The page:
story glass and steel building, like so many others built in a
      modern 1960s style. In front of the hall are two large gears,
      interlocked 90 degrees to one another. When you look up close,
      you see a full image of a man at work on each half. It is such a
      representative piece of art that there is no mistaking what the
      members of this union do. Inside the small glass and steel
      vestibule is the old Steelworkers emblem in mosaic tile.

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             The day we arrived at the union hall, two young women,
      barely out of their teens, sit on the stairs in their aqua gowns and
      bouquets, and we see the rest of the bridal party in the kitchen,
      barely more than children — the bride squeezed into a white
      wedding dress and her husband-to-be with several piercings and
      hair moussed up on his head. They are two of many Steelworkers’
      sons and daughters who have been married in this hall over the
      last forty years, along with countless anniversaries and retirements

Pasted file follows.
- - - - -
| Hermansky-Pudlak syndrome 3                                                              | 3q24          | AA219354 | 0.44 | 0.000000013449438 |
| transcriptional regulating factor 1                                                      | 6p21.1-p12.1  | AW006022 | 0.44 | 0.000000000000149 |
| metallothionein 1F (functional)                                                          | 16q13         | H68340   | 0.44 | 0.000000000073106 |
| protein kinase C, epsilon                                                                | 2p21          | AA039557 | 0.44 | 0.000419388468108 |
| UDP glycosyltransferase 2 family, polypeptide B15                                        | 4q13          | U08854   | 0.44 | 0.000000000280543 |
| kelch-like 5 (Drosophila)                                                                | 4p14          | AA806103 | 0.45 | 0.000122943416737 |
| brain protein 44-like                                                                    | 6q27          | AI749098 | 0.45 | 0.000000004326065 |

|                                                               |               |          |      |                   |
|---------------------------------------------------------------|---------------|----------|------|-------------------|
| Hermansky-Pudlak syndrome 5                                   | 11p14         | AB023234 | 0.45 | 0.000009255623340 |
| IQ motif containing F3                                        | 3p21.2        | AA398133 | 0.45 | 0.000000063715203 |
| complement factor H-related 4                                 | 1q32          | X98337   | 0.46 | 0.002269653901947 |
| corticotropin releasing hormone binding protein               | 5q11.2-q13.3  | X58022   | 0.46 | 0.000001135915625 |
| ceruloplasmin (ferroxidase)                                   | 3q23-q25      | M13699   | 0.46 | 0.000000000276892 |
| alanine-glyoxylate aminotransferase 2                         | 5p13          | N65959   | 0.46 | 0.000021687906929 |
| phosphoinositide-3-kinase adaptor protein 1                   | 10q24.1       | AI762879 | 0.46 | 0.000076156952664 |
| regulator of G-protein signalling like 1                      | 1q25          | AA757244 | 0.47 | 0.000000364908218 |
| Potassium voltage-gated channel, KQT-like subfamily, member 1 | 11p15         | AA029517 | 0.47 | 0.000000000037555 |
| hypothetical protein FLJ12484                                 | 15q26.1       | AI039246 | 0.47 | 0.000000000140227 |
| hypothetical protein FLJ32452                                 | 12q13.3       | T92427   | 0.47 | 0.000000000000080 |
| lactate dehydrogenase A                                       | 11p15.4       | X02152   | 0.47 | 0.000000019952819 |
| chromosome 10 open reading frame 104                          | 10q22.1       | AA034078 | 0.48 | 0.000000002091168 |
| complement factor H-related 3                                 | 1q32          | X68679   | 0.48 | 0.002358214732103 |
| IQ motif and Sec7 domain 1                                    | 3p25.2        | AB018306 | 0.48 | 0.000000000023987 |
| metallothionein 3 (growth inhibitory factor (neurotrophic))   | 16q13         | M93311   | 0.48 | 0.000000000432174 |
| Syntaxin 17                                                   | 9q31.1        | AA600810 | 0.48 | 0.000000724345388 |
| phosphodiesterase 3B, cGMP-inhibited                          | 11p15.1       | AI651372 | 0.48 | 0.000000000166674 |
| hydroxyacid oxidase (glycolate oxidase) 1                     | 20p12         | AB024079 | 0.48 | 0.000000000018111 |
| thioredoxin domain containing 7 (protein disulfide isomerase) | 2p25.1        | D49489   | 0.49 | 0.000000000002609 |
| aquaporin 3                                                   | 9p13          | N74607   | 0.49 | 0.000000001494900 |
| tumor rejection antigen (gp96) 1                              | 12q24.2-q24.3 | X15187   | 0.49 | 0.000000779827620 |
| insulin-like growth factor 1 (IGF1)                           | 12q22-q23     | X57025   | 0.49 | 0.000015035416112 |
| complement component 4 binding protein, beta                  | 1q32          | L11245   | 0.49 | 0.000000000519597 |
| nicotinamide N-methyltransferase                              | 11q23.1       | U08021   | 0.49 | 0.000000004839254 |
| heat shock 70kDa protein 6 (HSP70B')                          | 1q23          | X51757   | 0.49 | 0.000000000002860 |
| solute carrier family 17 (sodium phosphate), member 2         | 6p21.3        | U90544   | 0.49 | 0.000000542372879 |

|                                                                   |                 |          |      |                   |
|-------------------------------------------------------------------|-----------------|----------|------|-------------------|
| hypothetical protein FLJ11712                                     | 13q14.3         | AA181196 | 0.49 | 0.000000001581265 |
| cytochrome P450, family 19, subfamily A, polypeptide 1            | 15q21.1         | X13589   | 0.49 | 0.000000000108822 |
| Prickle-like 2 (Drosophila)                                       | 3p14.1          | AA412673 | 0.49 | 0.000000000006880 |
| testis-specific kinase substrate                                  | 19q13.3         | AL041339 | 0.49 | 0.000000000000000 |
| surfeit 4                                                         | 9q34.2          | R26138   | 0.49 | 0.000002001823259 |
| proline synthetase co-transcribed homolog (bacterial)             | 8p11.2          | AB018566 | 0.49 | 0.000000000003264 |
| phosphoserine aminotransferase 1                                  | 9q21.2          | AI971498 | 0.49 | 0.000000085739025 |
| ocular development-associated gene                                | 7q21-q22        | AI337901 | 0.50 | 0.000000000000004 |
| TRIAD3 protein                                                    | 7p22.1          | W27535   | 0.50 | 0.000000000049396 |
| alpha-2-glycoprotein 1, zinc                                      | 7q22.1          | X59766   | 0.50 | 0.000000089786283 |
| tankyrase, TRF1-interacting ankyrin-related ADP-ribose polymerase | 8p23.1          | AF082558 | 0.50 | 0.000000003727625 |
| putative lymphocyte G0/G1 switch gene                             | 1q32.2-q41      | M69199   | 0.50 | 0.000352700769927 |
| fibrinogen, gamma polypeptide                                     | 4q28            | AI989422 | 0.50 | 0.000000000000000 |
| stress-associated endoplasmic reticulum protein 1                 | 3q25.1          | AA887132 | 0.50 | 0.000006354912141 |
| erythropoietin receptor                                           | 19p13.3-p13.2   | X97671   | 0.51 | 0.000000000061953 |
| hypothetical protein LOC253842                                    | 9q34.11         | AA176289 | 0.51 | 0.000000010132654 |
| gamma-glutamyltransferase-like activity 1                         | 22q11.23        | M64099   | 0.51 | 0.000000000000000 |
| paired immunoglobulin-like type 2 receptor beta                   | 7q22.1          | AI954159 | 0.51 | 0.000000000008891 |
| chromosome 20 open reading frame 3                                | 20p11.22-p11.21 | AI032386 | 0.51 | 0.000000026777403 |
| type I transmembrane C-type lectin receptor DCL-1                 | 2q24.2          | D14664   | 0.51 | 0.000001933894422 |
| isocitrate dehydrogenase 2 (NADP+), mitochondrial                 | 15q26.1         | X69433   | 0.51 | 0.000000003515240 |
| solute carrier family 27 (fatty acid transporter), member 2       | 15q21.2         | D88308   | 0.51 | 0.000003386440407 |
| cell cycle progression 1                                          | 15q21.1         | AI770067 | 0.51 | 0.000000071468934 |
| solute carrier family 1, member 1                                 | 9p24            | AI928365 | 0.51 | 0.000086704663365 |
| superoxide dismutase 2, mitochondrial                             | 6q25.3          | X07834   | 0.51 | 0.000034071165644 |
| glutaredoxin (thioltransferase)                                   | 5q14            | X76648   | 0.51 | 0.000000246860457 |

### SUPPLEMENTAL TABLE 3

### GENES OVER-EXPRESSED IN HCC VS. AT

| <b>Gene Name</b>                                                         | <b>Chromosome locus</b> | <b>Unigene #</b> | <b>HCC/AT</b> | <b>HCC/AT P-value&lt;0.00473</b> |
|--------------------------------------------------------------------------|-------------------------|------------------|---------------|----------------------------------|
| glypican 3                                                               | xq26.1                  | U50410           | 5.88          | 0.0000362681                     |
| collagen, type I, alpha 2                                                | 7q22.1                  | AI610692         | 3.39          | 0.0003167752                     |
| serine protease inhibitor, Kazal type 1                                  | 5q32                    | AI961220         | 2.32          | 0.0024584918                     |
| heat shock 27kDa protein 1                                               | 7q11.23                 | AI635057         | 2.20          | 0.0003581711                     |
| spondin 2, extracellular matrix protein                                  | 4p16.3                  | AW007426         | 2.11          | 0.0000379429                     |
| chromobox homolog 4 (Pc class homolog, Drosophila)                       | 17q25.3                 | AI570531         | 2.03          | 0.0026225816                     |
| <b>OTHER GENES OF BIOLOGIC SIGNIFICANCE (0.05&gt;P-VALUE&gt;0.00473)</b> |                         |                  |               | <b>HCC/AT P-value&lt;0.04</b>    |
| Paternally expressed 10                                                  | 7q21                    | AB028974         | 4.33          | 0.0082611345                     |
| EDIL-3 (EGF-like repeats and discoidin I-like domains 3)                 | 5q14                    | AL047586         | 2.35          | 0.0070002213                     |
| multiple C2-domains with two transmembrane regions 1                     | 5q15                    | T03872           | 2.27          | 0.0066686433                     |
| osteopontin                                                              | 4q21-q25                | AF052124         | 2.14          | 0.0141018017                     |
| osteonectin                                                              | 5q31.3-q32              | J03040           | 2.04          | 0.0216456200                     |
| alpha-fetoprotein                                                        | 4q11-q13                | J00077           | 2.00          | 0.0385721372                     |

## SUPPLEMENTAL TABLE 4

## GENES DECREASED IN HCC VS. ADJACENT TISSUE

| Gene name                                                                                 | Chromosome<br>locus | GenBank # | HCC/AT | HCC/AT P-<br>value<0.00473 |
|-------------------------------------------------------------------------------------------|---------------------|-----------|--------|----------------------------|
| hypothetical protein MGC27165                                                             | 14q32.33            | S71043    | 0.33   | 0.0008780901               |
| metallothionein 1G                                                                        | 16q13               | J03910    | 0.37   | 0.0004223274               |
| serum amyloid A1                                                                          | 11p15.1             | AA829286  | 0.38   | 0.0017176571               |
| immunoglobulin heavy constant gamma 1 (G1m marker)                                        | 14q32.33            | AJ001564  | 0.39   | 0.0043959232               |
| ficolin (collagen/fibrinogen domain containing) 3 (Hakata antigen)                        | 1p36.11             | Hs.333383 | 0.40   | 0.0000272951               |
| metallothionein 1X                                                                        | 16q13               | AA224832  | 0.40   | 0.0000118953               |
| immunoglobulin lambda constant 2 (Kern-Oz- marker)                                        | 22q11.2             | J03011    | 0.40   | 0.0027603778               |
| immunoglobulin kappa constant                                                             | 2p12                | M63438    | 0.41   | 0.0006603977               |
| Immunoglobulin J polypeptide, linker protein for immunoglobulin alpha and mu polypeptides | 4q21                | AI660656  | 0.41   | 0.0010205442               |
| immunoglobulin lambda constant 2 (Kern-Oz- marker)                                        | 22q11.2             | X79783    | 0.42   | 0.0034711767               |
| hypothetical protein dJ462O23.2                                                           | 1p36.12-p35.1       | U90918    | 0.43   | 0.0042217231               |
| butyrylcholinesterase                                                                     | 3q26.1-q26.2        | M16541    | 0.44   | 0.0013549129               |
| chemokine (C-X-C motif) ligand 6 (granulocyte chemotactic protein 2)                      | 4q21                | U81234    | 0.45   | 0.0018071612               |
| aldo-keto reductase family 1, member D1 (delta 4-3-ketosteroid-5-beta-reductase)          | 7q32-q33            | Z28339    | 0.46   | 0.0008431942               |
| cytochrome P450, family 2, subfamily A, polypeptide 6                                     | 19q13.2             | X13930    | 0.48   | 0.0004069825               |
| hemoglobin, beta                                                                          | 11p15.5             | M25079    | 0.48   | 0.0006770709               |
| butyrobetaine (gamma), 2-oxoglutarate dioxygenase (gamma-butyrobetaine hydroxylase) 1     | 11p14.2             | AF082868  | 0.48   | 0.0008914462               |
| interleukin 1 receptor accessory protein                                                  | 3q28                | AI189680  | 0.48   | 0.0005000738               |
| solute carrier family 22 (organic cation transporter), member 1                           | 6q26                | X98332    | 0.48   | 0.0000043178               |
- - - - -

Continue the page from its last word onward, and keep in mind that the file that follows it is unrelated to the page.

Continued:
from the mill. The hall was also used by a variety of civil society
      groups. The first day we visited the Local, a poverty forum was
      being held. The event was sponsored by a number of social service
      and advocacy organizations.

            “What has happened is, in the downsizing, the membership
      can no longer afford the building, which represents a huge cost,”
      explains Mike Da Prat:

            It was designed never as a money-making
            venture, but as a place where services will be
            provided to our members such as a hall to hold
            events… but with two thousand to twenty-five
            hundres members, that can’t be afforded. As sad
            as it is to see an icon going, I don’t think it’s fair
            that the member that required a representation
            today has to be told, ‘Yeah, you have a legitimate
            grievance, but maybe we can’t afford to go to
            arbitration. However, you still have your icon.’
            The building is ageing… and of course, there’s
            the maintenance of the building and the energy

            USW’s area coordinator Jack Ostroski remembers, “I’ve
      grown up in this hall when my father was an officer. I remember
      coming here as a kid… putting NDP signs together, putting leaflets
      together for the strikes in the sixties, helping my dad out.” He
      understands the economics of the situation, and supports the local

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      union’s decision to sell the hall, but adds, “It’s a sad day. It will
      always be the union hall to us.”